Although it’s not quite as severe as moral distress at the point of care, we’re starting to see similar levels of stress in the teams that support front-line caregivers. Those support teams feel it acutely when clinical staffers can’t complete tasks or don’t have the technology they need to care for patients. I watched one IT analyst tear up as he tried to help a nurse figure out a documentation issue, when he understood that problems in the EHR were directly responsible for errors in care that negatively impacted a patient. He had reported the issue to his manager previously and they had been working with the vendor to try resolve it, yet he was told to move on to other priorities. He feels personally responsible even though there wasn’t anything he could have done, other than not follow the instructions that his leadership had given him. This isn’t the first time he’s been in a situation where patients were impacted by system issues, and he’s actively pursuing a job outside of healthcare.
As leaders, we need to figure out how to make sure our teams have the resources they need to do their jobs properly and ensure that the ultimate customer, the patient, is taken care of. We’re often between the proverbial rock and a hard place figuring out budgets and staffing while we prioritize projects. Maybe we need to be more forceful at saying no to implementing an on-demand meal ordering platform when our laboratory and radiology orders platforms aren’t at peak performance. Maybe we need fewer 70-inch TVs in patient rooms and more functional desktops and mobile workstations so documentation can occur quickly at the point of care. Maybe we need to stop adding bells and whistles to our systems when we haven’t fully implemented the basics. These are issues that the C-suite deal with regularly as our hospitals try to keep up with the Joneses across town.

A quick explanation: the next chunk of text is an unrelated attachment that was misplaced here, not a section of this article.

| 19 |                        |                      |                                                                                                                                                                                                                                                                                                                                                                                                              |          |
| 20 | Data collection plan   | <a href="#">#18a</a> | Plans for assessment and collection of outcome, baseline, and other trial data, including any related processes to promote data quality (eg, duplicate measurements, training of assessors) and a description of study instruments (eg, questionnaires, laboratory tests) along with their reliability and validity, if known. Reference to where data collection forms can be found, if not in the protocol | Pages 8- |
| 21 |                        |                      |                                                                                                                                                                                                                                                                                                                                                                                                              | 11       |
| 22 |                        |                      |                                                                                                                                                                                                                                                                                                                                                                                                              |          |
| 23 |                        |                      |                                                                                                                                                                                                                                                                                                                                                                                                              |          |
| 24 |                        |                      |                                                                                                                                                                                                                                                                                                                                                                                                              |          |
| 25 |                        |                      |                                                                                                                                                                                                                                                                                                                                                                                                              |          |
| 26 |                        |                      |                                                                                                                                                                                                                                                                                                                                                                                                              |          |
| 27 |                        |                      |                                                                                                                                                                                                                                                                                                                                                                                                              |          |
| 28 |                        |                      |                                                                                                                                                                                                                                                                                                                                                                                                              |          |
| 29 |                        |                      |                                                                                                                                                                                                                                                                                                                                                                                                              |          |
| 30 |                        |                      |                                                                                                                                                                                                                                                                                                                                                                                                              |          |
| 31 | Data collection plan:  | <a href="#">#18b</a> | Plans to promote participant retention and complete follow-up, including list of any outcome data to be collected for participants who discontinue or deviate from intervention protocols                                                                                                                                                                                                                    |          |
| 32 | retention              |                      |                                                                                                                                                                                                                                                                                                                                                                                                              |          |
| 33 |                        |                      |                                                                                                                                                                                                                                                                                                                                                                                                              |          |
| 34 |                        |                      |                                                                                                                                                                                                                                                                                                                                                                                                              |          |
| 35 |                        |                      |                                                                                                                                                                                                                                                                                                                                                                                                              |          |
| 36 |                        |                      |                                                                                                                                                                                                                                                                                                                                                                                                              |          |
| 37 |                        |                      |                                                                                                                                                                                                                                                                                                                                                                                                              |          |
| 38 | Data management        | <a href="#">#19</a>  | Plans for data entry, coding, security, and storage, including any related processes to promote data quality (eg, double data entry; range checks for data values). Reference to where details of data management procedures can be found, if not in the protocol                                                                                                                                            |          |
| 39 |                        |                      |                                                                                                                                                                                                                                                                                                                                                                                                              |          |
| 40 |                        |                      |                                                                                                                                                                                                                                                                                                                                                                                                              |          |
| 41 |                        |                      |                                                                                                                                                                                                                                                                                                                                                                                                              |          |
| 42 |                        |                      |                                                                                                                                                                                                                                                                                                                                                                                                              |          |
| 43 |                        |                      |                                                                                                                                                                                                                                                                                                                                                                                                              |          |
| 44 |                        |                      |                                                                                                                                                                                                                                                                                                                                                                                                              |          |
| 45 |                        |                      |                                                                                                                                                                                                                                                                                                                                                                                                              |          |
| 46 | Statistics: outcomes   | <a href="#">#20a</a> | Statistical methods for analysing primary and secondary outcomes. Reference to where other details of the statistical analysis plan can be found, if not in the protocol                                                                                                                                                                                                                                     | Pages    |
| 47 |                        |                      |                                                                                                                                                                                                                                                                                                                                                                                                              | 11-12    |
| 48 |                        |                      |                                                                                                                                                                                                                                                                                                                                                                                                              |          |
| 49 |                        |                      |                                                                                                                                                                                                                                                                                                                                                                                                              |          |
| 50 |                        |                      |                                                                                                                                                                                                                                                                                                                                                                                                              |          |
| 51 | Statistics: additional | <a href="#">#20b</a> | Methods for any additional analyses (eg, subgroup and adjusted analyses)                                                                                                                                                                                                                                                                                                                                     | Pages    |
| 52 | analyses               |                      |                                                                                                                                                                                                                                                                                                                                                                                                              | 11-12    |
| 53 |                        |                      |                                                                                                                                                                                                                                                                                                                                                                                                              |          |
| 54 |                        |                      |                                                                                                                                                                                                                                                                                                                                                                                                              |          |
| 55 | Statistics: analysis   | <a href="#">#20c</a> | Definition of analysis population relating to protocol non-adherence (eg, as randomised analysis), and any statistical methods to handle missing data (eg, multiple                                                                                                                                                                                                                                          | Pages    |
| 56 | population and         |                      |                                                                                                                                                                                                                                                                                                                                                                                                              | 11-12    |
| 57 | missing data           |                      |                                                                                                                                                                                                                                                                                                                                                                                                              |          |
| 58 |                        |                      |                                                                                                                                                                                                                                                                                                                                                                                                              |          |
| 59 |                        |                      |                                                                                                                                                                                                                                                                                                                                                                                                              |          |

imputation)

I’d be interested to hear from any healthcare IT leaders who are taking a back-to-basics approach and trying to refocus energies on reducing stress while helping workers be more resilient. Have you found the recipe for the secret sauce? Leave a comment or email me.
Email Dr. Jayne.